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Recently the site has received a number of great comments about if student loan consolidation assistance services should be regulated or are already regulated under state laws.You can read all the article on this topic, here.
When talking about compliance issues for student loan assistance programs the argument seems to come down to one of two statements.
We Are Not Performing a Debt Management Service
The response some have is they are not performing a debt management service because they are not modifying the loan but helping consumers to obtain a new loan through consolidation.
If it was found they were getting paid a fee to help adjust or alter the terms of a credit obligation then the state laws would cover them and that would require a lot of licensing, regulation, bonding, and compliance.
We Are Not Performing a Loan Brokering Service
If the company is being paid a fee to arrange for a new loan one position is this might be a loan brokering function and again state regulation is tough in this area.
Some claim they are not brokering the loan.
So Option Three is We Are Doing Neither
If these student loan rescue or assistance companies are not engaging in either debt management activities or loan brokering activities then they are simply performing a form filling service that the consumer could do themselves, for free.
And that’s completely fine as long as the consumer is aware of this. In fact I cover this in How to Run a Clean Student Loan Assistance Program.
A similar flap over this pay for student loan assistance comes with the debate over the FAFSA.gov and FAFSA.com websites.
FAFSA.gov is the official Federal Student Aid website. It allows people to complete the Free Application for Federal Student Aid online.
As the FAFSA.gov website says, “Free help is available! You do not have to pay to get help or submit your FAFSA. Submit your FAFSA for free online at www.fafsa.gov. Federal Student Aid provides free help online at www.fafsa.gov or you can call 1-800-4-FED-AID (1-800-433-3243).”
Several websites offer help filing the Free Application for Federal Student Aid (FAFSA) for a fee. These sites are not affiliated with or endorsed by the U.S. Department of Education. We urge you not to pay these sites for assistance that you can get for free elsewhere. The official FAFSA is at www.fafsa.gov, and you can get free help from
- the financial aid office at your college or the college(s) you’re thinking about attending;
- the FAFSA’s online help at www.fafsa.gov; and
- the Federal Student Aid Information Center.
If you are asked for your credit card information while filling out the FAFSA online, you are not at the official government site. Remember, the FAFSA site address has .gov in it! – Source
And the FAFSA,gov website says “Don’t tell anyone your Federal Student Aid PIN, even if that person is helping you fill out the FAFSA.” Yet that is what many student loan consolidation assistance companies are requesting from consumers. Red Flag.
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FAFSA.com is a for profit site that charges between $79 and $299 to complete and submit the Department of Education form. Their $299 package does not include a monthly fee and does include “Unlimited FAFSA preparation and assistance for a student’s entire undergraduate studies (up to 8 years).” – Source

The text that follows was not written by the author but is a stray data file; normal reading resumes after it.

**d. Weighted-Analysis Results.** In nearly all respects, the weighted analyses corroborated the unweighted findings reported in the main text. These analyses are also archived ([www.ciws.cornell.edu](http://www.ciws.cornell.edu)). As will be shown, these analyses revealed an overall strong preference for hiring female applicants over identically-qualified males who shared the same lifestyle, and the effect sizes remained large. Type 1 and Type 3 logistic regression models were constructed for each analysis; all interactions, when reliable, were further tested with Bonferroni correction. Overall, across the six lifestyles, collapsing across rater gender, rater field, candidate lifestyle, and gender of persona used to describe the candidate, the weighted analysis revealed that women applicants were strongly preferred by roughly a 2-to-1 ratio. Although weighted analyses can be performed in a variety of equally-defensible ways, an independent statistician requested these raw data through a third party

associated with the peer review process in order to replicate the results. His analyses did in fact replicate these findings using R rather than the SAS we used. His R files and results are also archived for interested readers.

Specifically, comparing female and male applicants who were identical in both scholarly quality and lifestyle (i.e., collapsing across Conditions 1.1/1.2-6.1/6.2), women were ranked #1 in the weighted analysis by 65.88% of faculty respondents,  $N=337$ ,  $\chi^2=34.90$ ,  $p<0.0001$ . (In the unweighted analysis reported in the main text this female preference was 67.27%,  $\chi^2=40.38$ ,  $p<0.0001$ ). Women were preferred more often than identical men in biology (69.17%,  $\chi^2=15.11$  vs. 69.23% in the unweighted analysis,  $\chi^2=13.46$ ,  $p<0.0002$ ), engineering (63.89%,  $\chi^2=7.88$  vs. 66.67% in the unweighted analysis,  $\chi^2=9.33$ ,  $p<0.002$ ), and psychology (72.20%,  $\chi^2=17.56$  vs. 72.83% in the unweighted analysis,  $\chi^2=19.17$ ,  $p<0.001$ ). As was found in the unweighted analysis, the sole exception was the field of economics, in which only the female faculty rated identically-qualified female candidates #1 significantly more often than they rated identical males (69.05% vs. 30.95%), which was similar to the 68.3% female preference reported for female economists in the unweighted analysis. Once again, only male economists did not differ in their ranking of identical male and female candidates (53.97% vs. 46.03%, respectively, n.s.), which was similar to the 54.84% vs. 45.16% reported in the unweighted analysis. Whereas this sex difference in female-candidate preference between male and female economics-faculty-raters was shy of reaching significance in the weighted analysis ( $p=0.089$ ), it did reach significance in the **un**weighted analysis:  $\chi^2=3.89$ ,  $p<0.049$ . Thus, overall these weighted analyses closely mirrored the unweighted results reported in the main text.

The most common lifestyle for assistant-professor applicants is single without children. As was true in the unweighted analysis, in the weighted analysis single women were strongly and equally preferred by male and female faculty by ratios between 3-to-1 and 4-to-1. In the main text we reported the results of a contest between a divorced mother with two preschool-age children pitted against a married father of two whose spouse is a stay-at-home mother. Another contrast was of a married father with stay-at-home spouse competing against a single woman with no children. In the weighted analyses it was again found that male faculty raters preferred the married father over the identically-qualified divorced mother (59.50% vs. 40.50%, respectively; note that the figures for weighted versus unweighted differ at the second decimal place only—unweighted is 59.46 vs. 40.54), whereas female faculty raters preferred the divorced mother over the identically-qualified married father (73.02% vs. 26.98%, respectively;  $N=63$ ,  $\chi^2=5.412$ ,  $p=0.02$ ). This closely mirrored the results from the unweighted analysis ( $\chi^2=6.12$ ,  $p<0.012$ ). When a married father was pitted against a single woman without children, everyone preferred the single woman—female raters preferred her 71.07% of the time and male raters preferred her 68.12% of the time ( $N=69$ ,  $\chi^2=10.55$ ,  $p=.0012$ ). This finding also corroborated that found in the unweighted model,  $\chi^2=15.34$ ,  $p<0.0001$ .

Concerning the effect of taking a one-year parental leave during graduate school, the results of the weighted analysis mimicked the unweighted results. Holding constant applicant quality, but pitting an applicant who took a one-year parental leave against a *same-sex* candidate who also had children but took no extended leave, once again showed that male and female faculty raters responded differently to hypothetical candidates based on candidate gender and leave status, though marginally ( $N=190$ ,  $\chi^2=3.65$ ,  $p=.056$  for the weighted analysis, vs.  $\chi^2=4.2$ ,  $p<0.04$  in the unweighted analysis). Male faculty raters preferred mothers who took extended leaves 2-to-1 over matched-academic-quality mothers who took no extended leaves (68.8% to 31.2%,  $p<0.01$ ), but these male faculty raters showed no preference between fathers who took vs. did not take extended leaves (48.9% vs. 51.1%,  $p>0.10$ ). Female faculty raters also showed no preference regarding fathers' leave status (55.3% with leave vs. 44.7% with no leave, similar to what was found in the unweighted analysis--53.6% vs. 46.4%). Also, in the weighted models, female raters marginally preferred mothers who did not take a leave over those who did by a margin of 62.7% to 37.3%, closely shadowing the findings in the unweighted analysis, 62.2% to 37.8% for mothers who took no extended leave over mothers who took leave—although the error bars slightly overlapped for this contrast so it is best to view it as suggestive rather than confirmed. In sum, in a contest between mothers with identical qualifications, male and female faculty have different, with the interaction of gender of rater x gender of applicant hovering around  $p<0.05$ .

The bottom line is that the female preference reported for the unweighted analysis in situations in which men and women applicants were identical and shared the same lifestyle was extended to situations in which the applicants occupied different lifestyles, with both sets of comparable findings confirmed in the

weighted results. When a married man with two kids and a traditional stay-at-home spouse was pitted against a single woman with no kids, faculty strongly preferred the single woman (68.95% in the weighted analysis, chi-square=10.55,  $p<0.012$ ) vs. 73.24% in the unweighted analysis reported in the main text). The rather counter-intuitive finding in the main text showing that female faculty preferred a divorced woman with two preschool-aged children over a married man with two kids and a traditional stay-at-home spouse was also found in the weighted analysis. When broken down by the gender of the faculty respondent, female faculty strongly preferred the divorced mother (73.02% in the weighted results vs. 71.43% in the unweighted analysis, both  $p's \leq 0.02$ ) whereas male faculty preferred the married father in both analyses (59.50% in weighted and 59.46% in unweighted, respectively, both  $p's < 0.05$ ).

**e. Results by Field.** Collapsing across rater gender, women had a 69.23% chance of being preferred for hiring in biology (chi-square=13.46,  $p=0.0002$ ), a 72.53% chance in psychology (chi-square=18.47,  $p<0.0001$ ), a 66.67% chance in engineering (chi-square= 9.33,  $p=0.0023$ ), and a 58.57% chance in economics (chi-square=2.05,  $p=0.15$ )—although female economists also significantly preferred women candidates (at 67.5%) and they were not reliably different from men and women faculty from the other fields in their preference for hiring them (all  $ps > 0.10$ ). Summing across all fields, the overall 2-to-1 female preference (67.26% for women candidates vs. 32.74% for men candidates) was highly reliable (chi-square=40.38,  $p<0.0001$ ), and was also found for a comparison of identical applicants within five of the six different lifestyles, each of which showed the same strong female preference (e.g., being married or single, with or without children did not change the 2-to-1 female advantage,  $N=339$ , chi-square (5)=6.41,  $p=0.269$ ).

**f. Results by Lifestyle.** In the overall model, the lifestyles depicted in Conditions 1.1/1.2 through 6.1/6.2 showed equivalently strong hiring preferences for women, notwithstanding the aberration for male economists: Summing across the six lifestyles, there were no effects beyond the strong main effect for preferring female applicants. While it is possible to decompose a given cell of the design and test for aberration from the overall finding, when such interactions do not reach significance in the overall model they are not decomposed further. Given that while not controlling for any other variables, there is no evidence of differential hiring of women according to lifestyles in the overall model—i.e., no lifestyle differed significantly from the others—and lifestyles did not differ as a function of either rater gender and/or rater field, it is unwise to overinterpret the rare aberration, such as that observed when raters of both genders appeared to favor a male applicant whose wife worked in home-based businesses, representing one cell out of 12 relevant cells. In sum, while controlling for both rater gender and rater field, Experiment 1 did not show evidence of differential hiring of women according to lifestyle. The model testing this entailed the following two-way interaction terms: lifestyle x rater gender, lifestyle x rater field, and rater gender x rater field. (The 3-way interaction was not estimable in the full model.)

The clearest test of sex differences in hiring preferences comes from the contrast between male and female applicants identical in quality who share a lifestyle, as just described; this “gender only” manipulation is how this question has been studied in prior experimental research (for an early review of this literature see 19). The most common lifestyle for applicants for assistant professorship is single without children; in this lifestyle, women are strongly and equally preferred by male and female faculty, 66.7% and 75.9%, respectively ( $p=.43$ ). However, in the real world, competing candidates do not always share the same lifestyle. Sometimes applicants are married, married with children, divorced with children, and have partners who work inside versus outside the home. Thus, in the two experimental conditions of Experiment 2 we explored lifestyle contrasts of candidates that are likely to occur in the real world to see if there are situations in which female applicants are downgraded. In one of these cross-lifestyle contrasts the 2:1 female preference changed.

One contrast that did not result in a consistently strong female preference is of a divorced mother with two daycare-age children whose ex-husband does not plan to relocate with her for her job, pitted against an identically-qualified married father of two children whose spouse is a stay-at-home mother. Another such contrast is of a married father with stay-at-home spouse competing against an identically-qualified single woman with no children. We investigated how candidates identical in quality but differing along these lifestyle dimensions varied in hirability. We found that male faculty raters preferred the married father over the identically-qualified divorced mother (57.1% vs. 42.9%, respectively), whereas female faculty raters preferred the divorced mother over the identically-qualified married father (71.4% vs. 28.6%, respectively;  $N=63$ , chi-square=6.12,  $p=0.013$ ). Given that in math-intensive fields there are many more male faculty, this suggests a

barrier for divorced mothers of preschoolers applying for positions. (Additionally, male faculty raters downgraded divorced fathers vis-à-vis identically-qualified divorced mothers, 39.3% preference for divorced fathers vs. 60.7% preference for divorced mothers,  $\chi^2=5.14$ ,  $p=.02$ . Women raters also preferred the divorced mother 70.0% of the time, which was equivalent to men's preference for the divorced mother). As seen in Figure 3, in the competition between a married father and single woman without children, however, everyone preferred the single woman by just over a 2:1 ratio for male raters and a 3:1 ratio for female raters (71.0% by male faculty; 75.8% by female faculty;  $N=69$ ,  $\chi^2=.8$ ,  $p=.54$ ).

They offer a FAFSA form completion service for $99.99. And the FAFSA form involves a lot of data gathering as well. Source.
So if the service bring provided by the student loan consolidation companies is not debt management and loan brokering then it is form filling and apparently a similar service to complete student loan forms already exists at $99.
So what is the justification for some of the student loan consolidation companies to charge $799 and/or a $50 monthly fee for twenty years?
Department of Education Warning
But a warning from the department of education might already exist that applies to the form filling student loan consolidation service. Here is what they say about paying someone to help you find money for college:
Save Your Money
Don’t Pay for Help to Find Money for College
Commercial financial aid advice services can cost well over $1,000. You might have heard or seen these claims at seminars, over the phone from telemarketers, or online:
- “Buy now or miss this opportunity.” Don’t give in to pressure tactics. Remember, the “opportunity” is a chance to pay for information you could find yourself for free. Check out our list of free sources of financial aid information below.
- “We guarantee you’ll get aid.” A company could claim it fulfilled its promise if you were offered student loans or a $200 scholarship. Is that worth a fee of $1,000 or more?
- “I’ve got aid for you; give me your credit card or bank account number.” Never give out a credit card or bank account number unless you know the organization you are giving it to is legitimate. You could be putting yourself at risk of identity theft. – Source
Just something to think about.
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